Thursday, December 29, 2005
Matt Stoller has a very interesting post up over at MYDD. It's written by his brother, Nick Stoller, a screenwriter whose new movie "Fun With Dick and Jane" has an extremely funny trailer, so I'm looking forward to seeing it.
I've always thought of the original "Fun With Dick and Jane" starring George Segal and Jane Fonda as the quintessential "malaise" movie. It was the chronicle of a middle class family who fell through the cracks in a harsh economy and ended up robbing banks. It's a comedy, of course, but for those of us who lived through the late 70's it had a bit of a bite. When I saw that it was being re-made I had one of those "of course" moments. I had just been reading about rising gas prices and GM lay-offs. Deja vu all over again.
Stoller's post asks why Democrats don't rely more on Hollywood for expertise instead of just fund-raising. I've been asking that question for years. Politics today requires narrative and stagecraft --- and Hollywood knows from narrative and stagecraft. It's about heroism, spectacle and soap opera. It's about myth. I realize that this offends our wonky souls on some level but it's a fact that the Republicans understand and exploit to their great advantage and we don't.
In the final days of the presidential campaign as John Kerry was being introduced by Bruce Springsteen on the stump with a moody, soulful solo rendition of "No Surrender" (which I loved) George W. Bush was landing in stadiums at sunset on the Marine one helicopter to fireworks and the theme to "Top Gun" screaming from the speakers. Which one do you suppose felt more like a rally?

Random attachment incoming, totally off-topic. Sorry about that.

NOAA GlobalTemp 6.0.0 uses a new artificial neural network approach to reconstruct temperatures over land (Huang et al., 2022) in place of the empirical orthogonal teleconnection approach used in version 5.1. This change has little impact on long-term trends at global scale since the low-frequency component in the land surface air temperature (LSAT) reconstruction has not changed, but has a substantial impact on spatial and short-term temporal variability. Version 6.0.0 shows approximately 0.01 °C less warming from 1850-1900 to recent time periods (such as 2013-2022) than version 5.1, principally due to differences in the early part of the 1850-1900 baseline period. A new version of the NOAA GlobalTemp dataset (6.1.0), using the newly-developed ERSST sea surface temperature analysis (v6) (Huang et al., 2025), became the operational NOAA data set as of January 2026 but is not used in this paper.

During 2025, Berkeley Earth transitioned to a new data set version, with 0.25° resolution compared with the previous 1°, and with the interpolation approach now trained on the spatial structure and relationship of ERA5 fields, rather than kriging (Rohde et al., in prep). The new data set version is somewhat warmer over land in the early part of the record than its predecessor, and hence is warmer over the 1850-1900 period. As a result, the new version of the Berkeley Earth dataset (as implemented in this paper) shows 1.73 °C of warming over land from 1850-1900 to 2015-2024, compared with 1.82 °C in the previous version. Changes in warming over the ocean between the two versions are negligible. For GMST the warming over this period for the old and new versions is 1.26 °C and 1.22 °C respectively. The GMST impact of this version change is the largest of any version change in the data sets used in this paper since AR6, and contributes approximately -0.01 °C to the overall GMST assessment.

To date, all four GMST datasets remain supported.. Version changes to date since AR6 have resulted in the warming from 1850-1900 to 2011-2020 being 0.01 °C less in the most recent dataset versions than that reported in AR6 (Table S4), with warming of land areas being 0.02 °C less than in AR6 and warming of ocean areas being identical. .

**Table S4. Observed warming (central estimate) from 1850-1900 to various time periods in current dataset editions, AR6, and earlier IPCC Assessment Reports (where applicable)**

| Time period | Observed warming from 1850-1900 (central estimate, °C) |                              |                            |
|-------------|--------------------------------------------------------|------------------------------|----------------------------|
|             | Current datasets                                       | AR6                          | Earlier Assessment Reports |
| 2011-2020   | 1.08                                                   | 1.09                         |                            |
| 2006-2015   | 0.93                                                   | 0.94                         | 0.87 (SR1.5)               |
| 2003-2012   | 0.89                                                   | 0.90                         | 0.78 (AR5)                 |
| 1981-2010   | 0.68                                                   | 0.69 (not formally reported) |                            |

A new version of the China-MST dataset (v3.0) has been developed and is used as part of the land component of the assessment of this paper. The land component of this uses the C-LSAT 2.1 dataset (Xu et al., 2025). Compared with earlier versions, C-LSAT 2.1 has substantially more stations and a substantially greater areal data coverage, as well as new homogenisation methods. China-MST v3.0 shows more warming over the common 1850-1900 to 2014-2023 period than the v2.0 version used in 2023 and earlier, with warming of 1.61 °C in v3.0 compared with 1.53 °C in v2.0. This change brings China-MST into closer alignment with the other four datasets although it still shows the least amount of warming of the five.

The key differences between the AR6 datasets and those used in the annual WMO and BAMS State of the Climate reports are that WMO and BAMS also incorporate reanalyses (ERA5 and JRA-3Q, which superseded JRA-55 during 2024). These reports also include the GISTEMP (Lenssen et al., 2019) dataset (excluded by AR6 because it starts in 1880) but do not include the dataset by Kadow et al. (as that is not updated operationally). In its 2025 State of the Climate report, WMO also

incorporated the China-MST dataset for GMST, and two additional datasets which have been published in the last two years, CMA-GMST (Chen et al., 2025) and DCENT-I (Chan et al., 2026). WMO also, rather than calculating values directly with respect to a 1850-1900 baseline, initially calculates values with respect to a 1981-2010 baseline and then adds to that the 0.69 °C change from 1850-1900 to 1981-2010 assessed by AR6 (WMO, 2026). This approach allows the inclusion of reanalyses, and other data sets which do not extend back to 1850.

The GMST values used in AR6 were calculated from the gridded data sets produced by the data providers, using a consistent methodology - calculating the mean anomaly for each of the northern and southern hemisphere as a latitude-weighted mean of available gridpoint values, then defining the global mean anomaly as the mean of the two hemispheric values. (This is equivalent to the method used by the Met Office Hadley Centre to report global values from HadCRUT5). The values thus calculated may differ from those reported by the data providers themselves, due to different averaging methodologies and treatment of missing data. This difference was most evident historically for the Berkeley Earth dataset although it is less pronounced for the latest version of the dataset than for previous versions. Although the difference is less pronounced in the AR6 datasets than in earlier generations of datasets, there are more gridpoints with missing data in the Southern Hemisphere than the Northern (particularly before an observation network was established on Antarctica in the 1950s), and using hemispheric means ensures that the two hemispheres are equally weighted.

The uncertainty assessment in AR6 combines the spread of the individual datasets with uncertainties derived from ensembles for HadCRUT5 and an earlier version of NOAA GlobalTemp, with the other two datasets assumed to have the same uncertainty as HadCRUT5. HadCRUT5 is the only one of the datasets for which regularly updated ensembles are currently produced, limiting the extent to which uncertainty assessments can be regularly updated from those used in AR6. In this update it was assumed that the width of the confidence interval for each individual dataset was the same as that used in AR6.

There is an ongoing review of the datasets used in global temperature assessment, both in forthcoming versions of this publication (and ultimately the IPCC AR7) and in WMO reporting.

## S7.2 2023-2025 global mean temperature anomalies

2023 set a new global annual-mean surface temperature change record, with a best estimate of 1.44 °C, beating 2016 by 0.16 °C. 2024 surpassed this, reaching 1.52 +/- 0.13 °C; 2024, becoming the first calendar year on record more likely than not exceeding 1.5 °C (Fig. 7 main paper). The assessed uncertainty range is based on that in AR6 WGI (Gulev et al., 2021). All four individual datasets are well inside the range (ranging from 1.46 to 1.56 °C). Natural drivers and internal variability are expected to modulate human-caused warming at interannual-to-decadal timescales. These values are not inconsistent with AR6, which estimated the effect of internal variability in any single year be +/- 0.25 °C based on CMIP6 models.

The Bush administration has been working with a very defective product as we all know; a barely literate ignoramus with dismal communications skills. Yet they were able to bring him close enough to steal it in 2000 and eke out a narrow victory in 2004. They did it almost entirely with image, iconography and an archetypal warrior/leader narrative. And they used professionals to pull it off:
Officials of past Democratic and Republican administrations marvel at how the White House does not seem to miss an opportunity to showcase Mr. Bush in dramatic and perfectly lighted settings. It is all by design: the White House has stocked its communications operation with people from network television who have expertise in lighting, camera angles and the importance of backdrops.
''They understand the visual as well as anybody ever has,'' said Michael K. Deaver, Ronald Reagan's chief image maker. ''They watched what we did, they watched the mistakes of Bush I, they watched how Clinton kind of stumbled into it, and they've taken it to an art form.''
The White House efforts have been ambitious -- and costly. For the prime-time television address that Mr. Bush delivered to the nation on the anniversary of the Sept. 11 attacks, the White House rented three barges of giant Musco lights, the kind used to illuminate sports stadiums and rock concerts, sent them across New York Harbor, tethered them in the water around the base of the Statue of Liberty and then blasted them upward to illuminate all 305 feet of America's symbol of freedom. It was the ultimate patriotic backdrop for Mr. Bush, who spoke from Ellis Island.